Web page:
Robo Advisors: The Future?
Both companies have new robo advisor offerings to compete with upstart companies, like Betterment and Wealthfront. These Fidelity and Vanguard competitors are targeting the newer generation of investors, making investing easy, accessible, and, dare we say, fun?
It should be noted that these programs are currently limited to a small number of users and are somewhat more expensive than the offerings of Fidelity competitors Wealthfront and Betterment.
But, as these platforms evolve, we fully expect to see these fees and expenses reduced and the features updated in the coming years.
As the platforms of Vanguard, Fidelity, and companies like Fidelity and Vanguard continue to become more refined, we will likely see an increased push in order to try to secure that younger demographic.
It will be particularly interesting to see how the Vanguard program shakes out since the whole “set and forget” Vanguard philosophy that it uses to compete with companies like Fidelity is similar to that of low-touch robo advisors in the first place.
It is unclear how Vanguard could make robo advisors work for it, except by making more slick technological solutions. However, technology has been one of the areas in which Vanguard has thus far fallen short when compared to Vanguard competitors.
Thus, it will take a great investment of time, money, and effort in order for Vanguard to catch up or surpass competitors in the robo advisor space.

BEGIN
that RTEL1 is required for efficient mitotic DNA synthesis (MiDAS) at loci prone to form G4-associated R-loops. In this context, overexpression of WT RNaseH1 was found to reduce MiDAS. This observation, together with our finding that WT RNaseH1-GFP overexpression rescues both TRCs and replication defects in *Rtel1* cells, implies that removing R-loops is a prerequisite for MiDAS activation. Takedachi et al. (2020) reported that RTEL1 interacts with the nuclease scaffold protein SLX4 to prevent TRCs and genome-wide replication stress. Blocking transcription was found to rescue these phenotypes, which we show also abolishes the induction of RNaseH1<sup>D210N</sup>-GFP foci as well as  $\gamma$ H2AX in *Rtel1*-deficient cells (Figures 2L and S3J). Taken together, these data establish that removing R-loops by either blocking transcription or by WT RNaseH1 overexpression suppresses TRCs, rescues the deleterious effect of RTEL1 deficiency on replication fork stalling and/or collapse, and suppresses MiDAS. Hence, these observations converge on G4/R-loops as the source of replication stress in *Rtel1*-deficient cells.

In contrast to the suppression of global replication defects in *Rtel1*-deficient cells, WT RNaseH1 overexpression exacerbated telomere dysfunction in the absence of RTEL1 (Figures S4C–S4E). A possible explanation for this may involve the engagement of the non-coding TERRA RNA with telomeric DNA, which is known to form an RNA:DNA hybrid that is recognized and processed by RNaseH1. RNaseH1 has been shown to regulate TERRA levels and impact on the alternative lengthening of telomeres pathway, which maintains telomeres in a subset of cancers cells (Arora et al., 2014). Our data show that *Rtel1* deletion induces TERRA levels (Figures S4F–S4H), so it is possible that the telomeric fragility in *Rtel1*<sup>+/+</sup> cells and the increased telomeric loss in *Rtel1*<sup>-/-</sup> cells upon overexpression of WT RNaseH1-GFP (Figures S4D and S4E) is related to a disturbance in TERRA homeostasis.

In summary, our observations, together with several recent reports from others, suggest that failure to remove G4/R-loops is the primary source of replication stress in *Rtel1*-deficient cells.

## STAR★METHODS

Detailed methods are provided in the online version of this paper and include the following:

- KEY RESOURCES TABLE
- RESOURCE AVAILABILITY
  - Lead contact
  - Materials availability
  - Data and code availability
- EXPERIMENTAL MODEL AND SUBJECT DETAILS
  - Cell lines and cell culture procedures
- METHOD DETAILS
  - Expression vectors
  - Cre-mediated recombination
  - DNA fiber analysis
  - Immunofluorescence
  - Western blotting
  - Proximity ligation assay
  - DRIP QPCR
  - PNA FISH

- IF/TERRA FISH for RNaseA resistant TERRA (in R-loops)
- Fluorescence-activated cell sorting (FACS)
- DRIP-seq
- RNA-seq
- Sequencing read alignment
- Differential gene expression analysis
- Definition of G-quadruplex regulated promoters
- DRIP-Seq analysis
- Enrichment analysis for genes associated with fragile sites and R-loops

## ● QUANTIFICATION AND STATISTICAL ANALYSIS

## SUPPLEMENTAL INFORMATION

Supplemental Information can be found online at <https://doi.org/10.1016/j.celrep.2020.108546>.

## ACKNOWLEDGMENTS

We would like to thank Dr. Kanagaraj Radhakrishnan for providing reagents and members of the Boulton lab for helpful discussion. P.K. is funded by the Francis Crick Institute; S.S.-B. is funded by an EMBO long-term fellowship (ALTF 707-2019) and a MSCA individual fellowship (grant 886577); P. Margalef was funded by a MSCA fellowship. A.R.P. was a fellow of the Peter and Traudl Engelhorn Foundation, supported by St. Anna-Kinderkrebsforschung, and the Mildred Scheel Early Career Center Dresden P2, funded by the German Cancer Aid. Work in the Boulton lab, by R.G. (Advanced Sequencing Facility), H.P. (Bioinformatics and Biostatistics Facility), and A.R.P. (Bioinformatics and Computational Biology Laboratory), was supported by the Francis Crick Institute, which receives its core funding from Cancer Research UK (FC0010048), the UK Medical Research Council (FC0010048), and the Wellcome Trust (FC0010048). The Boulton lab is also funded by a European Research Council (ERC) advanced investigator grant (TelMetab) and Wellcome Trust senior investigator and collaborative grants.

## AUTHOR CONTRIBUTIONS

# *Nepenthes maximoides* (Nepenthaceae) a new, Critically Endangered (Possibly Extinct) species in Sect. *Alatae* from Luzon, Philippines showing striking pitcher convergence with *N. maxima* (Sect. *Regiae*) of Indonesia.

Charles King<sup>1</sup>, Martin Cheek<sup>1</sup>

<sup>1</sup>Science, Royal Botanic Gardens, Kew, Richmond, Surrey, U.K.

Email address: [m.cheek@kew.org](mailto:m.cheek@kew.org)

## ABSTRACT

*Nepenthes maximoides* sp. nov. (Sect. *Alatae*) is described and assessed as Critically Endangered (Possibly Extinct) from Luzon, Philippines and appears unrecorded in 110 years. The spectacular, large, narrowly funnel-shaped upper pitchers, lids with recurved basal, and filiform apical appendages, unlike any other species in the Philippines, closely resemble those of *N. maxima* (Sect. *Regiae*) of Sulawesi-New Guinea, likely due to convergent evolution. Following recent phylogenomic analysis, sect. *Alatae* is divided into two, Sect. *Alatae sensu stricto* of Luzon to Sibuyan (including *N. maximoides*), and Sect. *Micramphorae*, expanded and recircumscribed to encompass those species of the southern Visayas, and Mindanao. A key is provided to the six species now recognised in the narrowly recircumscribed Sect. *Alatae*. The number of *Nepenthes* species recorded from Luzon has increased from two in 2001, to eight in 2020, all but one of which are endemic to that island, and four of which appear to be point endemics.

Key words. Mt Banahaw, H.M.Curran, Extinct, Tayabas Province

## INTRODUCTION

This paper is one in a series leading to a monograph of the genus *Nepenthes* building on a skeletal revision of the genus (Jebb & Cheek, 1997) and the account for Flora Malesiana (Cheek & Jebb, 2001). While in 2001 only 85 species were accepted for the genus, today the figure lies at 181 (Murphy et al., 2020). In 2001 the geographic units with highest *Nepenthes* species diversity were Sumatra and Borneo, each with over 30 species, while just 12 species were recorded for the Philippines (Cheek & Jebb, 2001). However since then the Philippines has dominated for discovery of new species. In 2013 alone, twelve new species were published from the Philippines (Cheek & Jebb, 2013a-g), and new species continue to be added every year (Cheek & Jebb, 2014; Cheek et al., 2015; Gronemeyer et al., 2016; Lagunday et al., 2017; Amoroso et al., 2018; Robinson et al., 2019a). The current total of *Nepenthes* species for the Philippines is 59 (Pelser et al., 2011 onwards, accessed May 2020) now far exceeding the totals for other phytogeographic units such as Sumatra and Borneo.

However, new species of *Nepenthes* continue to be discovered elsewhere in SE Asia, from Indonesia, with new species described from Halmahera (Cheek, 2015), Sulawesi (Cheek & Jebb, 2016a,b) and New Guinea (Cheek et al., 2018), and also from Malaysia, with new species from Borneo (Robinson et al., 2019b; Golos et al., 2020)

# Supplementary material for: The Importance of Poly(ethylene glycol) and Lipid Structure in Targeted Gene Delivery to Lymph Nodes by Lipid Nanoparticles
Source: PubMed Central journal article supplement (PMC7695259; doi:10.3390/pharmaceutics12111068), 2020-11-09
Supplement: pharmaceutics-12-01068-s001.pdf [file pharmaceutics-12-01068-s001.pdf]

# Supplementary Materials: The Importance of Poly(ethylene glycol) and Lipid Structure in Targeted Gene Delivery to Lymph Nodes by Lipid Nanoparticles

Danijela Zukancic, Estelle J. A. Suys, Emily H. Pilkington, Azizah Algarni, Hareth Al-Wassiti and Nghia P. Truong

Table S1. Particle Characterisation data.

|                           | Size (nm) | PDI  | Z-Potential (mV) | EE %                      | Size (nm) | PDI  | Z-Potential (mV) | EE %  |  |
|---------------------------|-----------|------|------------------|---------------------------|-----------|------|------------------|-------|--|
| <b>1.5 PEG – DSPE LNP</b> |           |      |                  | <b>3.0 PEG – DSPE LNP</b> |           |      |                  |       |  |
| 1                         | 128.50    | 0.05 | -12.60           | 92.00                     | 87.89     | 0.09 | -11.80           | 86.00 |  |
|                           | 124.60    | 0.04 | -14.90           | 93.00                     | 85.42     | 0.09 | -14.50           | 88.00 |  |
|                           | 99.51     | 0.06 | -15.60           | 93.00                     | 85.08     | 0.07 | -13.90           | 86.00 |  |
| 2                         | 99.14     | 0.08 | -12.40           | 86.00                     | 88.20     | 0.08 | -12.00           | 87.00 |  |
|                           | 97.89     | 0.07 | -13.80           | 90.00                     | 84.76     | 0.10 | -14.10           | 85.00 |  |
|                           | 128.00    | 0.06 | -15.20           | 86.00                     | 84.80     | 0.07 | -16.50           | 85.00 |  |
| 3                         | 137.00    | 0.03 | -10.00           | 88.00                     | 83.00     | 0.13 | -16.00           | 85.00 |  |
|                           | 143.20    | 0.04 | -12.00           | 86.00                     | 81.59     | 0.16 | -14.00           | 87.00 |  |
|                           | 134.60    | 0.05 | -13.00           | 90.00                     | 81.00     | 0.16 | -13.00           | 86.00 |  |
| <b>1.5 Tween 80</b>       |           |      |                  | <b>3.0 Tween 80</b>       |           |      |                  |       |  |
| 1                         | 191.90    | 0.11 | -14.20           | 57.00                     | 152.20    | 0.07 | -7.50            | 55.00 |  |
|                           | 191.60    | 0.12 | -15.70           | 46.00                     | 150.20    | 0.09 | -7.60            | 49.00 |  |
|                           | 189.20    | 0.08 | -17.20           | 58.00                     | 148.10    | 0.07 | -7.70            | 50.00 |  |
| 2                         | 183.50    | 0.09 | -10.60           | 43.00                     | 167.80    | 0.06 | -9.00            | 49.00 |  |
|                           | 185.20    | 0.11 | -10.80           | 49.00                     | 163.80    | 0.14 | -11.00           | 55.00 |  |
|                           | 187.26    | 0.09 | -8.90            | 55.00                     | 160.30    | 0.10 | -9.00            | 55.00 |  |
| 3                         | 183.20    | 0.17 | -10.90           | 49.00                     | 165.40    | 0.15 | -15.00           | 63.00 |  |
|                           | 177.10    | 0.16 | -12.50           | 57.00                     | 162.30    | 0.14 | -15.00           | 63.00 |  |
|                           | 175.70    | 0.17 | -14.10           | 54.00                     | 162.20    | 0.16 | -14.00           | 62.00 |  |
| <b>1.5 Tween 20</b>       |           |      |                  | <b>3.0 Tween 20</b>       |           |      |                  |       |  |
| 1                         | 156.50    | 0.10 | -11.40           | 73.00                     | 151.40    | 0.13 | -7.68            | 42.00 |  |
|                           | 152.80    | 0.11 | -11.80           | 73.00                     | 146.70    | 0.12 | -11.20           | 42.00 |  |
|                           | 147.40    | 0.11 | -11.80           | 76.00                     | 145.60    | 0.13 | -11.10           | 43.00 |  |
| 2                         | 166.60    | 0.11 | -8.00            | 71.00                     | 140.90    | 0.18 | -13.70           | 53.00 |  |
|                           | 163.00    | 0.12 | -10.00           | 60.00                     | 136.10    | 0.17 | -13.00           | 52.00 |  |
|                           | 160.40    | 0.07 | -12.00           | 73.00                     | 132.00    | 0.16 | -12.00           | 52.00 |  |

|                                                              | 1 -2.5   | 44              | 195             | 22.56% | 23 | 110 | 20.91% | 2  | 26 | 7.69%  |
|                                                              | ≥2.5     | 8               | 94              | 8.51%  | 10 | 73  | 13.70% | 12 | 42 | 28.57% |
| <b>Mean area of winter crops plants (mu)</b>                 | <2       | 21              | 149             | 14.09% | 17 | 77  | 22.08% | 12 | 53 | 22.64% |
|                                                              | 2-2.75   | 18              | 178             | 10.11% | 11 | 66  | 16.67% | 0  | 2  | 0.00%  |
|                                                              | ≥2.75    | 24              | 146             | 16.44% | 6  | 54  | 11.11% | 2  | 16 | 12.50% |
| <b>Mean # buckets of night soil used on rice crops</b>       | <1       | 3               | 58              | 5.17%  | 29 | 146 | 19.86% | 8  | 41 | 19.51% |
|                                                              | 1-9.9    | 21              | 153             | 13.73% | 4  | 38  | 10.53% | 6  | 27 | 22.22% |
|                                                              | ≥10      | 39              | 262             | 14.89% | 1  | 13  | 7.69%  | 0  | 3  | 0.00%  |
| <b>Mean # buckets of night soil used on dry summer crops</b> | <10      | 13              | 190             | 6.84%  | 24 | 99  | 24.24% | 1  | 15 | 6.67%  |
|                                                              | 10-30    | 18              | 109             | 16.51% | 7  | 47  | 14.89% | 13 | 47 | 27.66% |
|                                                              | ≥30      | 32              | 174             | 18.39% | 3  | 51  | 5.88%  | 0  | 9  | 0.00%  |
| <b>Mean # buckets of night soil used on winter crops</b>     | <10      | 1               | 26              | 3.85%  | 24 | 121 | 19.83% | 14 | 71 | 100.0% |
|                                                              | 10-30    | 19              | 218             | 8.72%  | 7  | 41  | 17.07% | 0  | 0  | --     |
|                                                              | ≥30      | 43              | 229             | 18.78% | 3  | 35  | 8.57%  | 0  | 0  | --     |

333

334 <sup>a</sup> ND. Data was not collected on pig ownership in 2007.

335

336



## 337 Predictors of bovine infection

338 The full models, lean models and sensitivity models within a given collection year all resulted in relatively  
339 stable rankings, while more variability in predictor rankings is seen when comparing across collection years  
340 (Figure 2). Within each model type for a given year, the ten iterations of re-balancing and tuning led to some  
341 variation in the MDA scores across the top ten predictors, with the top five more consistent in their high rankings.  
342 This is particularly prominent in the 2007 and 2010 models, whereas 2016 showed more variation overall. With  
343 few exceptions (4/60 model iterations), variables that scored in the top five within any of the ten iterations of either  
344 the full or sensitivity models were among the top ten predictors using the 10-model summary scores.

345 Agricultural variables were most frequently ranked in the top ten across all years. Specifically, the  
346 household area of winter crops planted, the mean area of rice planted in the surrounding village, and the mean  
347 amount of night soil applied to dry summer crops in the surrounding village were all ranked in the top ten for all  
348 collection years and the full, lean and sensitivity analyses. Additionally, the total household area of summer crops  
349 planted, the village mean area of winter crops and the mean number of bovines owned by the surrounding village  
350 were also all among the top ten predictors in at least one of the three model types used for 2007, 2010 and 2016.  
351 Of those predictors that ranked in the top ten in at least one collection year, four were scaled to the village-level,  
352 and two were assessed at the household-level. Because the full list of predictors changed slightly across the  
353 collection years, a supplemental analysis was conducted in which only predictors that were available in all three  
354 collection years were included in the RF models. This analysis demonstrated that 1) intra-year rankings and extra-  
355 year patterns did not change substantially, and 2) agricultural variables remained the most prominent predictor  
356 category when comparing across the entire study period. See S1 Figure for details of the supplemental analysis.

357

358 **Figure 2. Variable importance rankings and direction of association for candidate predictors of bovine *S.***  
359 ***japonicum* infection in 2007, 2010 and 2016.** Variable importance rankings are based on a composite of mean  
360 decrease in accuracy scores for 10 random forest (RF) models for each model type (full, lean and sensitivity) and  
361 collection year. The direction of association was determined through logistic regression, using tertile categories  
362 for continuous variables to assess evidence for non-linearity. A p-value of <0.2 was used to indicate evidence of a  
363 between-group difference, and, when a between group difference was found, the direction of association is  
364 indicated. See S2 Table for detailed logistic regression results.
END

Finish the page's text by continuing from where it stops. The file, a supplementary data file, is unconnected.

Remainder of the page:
Conclusion: Vanguard vs Fidelity | Which Is Better For You?
Depending on your needs, you might find that the question of Vanguard vs. Fidelity has an easy answer.
Here are the ideal customers for each platform. Where do you fit in?
The Ideal Vanguard Investor (Avoid Companies Like Fidelity)
- You are a long-term focused, low-touch investor
- You want to have the lowest possible fees when comparing Vanguard competitors
- You want to invest in index funds
- You don’t plan to invest in individual stocks
- You don’t need to check your balance every day, and you won’t freak out when the market corrects
The Ideal Fidelity Investor
- You want access to high-quality active and passively-managed mutual funds
- You are interested in investing in individual stocks (low Fidelity brokerage fees)
- You like to have the latest and slickest technology
- You like researching new stocks and funds on the go, and you like to check on your money regularly
With these thoughts in mind, let’s make one final thing clear. No matter which firm (Fidelity vs. Vanguard) you choose, you will be working with a high-integrity, well-managed company with a great reputation.
It’s all a matter of taste if you prefer Vanguard vs. Fidelity.
And, if it comes down to it, you can always try one and move to the other if you don’t like it. After all, it’s your money and your future. Just make sure you feel comfortable and in control, no matter what you choose.
Read More: Wealthfront vs. Vanguard – Rankings & Review